Complicating matters, in the Vajrayana world, consciousness itself is a construct that arises out of mind. We can even confuse consciousness for mind and frequently do. The Buddhist notions of consciousness and natural mind are two different phenomena. When the Vajrayana practitioner creates a visualization of a yidam, she is establishing a conscious thought like a cup that can carry certain contents just like words carry meaning. The yidam as a vessel can become a manifestation of real Buddha mind. It is a psychological trick of sorts. Because the human mind needs a language in which to understand its experience be it literal, graphical, mathematical or even musical, we can create a “language”, in this case a graphical image, if you will, to facilitate understanding. The vessel, though contrived can become a bridge of sorts to true Buddha nature. This creates a short cut to what Buddhists call Dharmadatu, the luminous emptiness that neither exists nor does not exist. “There is no Buddha, there is no not Buddha” is the famous Heart Sutra description of the true nature of mind. Hence, we say that true natural mind is “empty”.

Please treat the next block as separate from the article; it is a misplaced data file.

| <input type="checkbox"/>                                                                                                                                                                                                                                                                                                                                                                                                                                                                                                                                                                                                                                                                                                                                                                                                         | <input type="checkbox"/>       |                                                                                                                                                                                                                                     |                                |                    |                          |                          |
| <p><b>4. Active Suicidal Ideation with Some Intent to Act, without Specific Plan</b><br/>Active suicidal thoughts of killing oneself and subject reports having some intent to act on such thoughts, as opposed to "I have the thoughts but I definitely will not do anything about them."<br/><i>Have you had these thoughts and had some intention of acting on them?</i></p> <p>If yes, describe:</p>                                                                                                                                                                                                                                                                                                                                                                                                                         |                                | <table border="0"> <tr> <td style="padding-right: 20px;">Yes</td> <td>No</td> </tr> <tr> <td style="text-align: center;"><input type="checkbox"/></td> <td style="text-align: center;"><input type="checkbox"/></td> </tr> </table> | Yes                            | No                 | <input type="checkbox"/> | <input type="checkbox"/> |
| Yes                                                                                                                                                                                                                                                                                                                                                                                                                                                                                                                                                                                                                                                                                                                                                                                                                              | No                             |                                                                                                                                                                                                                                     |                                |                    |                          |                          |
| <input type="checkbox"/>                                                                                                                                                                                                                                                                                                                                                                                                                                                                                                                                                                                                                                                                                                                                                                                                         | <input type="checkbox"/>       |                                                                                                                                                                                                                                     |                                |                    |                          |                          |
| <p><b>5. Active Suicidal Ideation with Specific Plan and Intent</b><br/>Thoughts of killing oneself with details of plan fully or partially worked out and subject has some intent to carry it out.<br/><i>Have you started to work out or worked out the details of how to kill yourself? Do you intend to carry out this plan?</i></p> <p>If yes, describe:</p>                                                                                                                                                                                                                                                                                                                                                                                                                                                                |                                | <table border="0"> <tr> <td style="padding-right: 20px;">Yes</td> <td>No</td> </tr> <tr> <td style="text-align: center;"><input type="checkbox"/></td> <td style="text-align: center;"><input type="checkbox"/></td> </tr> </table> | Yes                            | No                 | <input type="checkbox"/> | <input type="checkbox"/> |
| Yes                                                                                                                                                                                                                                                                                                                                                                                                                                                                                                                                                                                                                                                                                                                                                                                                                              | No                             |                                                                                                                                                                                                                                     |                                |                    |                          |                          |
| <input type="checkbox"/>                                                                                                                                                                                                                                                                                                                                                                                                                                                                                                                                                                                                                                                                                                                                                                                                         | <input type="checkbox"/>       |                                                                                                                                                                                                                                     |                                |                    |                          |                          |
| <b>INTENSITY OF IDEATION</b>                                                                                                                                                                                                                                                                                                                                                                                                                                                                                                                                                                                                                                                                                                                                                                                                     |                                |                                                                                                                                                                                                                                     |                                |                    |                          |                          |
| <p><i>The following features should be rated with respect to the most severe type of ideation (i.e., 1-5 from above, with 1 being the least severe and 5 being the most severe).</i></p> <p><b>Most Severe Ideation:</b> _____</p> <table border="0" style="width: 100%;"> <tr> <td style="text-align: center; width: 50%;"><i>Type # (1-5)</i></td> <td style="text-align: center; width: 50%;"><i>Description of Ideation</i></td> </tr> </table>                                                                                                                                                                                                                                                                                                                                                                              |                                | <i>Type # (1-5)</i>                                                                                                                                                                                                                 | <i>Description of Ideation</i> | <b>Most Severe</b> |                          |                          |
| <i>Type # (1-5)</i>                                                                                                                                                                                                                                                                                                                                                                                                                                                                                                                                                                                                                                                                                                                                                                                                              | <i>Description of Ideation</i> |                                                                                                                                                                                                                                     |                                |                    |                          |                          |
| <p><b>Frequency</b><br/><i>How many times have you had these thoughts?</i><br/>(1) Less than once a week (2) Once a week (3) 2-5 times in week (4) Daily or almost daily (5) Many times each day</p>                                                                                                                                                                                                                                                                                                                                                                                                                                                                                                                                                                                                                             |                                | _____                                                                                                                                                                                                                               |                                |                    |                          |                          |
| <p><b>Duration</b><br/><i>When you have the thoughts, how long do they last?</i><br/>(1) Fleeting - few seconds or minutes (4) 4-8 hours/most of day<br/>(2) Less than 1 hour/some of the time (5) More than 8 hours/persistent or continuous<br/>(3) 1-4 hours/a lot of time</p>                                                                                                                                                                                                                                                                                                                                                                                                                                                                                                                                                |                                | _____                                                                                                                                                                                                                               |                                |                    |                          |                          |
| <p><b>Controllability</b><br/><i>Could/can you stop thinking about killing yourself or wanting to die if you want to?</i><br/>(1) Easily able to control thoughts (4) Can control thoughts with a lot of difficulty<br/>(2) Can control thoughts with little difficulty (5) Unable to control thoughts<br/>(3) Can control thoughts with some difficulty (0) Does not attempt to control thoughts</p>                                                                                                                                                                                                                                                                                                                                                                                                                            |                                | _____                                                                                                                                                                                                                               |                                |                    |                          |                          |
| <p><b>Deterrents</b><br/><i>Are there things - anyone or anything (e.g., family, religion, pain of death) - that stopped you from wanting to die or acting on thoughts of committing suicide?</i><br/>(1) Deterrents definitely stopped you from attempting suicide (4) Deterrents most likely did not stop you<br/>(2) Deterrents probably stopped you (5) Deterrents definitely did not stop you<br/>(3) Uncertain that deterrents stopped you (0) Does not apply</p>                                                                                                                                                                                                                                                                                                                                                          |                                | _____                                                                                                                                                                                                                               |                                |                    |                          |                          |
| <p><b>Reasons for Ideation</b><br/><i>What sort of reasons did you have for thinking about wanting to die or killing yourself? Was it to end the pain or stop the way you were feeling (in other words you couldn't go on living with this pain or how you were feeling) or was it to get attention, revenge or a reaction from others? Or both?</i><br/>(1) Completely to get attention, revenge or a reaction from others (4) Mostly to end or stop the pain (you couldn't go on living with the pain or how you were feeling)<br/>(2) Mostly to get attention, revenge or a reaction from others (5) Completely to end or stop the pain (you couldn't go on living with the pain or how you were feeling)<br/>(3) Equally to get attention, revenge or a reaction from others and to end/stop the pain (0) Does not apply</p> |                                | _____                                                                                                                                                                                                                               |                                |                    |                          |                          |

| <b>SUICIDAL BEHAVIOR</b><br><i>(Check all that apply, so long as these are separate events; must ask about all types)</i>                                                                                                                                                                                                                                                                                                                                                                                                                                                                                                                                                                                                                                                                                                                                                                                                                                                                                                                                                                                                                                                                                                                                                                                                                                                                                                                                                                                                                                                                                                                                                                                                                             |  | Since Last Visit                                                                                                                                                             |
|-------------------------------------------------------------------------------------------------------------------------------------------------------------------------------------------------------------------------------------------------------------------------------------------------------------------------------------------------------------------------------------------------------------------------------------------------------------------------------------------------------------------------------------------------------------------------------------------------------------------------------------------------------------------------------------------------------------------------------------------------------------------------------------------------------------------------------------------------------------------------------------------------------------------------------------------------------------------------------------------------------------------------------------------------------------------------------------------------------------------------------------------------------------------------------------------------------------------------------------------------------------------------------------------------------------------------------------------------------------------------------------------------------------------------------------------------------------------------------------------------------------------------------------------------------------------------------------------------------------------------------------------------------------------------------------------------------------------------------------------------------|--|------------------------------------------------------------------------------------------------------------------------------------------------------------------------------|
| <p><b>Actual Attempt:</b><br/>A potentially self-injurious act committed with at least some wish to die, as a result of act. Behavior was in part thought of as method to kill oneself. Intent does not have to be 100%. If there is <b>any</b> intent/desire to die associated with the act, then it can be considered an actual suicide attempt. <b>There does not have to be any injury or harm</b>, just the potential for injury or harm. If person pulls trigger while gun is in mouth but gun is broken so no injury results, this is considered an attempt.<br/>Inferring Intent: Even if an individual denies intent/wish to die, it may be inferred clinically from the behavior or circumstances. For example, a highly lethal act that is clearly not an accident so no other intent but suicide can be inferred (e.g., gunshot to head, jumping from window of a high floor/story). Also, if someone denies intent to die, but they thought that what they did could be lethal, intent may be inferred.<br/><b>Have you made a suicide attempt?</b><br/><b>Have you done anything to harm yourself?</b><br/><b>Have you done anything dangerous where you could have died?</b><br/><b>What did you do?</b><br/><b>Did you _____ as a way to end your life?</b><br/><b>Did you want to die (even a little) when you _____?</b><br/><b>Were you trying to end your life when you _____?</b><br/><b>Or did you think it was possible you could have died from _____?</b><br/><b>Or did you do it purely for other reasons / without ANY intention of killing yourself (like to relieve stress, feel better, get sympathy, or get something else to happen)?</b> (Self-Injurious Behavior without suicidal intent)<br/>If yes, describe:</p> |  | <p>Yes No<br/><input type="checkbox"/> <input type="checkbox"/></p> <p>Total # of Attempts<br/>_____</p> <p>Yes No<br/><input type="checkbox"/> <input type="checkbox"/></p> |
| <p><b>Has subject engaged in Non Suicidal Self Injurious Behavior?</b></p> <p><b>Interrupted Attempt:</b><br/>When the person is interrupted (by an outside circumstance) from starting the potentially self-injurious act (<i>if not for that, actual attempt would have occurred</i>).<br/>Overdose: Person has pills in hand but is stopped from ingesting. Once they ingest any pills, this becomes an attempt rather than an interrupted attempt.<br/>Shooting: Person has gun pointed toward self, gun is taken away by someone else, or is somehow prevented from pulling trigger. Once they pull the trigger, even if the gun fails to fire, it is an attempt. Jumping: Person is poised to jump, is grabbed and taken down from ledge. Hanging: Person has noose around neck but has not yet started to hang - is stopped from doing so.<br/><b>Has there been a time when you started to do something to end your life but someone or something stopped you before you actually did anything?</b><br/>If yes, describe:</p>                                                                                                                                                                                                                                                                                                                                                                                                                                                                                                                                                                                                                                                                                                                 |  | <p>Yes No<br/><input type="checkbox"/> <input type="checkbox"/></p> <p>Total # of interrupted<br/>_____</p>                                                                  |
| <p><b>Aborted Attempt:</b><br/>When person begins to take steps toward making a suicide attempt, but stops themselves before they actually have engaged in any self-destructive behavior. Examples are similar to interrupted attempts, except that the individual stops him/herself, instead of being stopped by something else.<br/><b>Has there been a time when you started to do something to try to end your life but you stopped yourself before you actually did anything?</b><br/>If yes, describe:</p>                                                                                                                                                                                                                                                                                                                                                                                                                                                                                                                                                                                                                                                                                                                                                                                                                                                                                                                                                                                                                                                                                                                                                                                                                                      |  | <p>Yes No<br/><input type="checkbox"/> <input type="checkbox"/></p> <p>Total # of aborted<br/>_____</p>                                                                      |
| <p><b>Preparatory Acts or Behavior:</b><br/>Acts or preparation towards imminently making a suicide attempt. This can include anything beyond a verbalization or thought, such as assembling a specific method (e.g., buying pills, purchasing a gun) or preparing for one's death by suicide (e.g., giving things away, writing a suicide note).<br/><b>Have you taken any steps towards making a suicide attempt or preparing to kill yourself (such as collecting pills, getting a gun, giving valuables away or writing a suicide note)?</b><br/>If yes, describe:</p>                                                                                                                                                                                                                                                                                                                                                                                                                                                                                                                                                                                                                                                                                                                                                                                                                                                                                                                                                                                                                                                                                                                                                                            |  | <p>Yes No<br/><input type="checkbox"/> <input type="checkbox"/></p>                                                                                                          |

“Completion stage” is the second part of the tantric method whereby the visualized deity is then dissolved, or more correctly “deconstructed” in the mind. During this deconstruction process, the practitioner can see the conscious process that both creates and deconstructs ordinary reality. You could say that Completion Stage is a forensic tool of sorts showing us how reality gets constructed while exposing the delusional nature of what we call reality. The delusional or constructed nature of consciousness becomes clear. The point of the completion stage is to become aware of the layers of delusion that make up consciousness until it is stripped bare thereby allowing us to see the natural empty state of true mind that Buddhists call “sunyata” (pronounced, Śūnyatā). Emptiness, is a poor English translation of “sunyata” and can confuse what sunyata really means. Sunyata can also be translated as “selflessness”, “voidness” or “empty of meaning”, but none of these translations are entirely accurate. Sunyata is a state of awareness wherein one can experience the true nature of mind in its uncontrived state before it manifests anything that can be confused for a dream, thought or reality. It has no inherent existence and yet is possessed of great luminosity meaning that any thought or concept that takes form in this emptiness radiates as if to take on some perceivable form so that we can see it and relate to it. If you clear your mind and imagine complete emptiness (this is not real sunyata, but it is close enough for our purposes) and then imagine an apple, you can actually see the apple as if it were real. If your powers of concentration are strong enough, you can visualize considerable detail around this “mind apple”. Is the apple real? No, but yet it has some tangible reality in your consciousness to the point that you can relate to it. You can turn it in your mind. You can imagine taking a bite of it and even imagine how it tastes. It does not exist and yet it does not not exist either. This is the nature of all reality even among the apples that we can touch and eat. While an apple that we can eat has a more convincing manifestation, it does not inherently exist.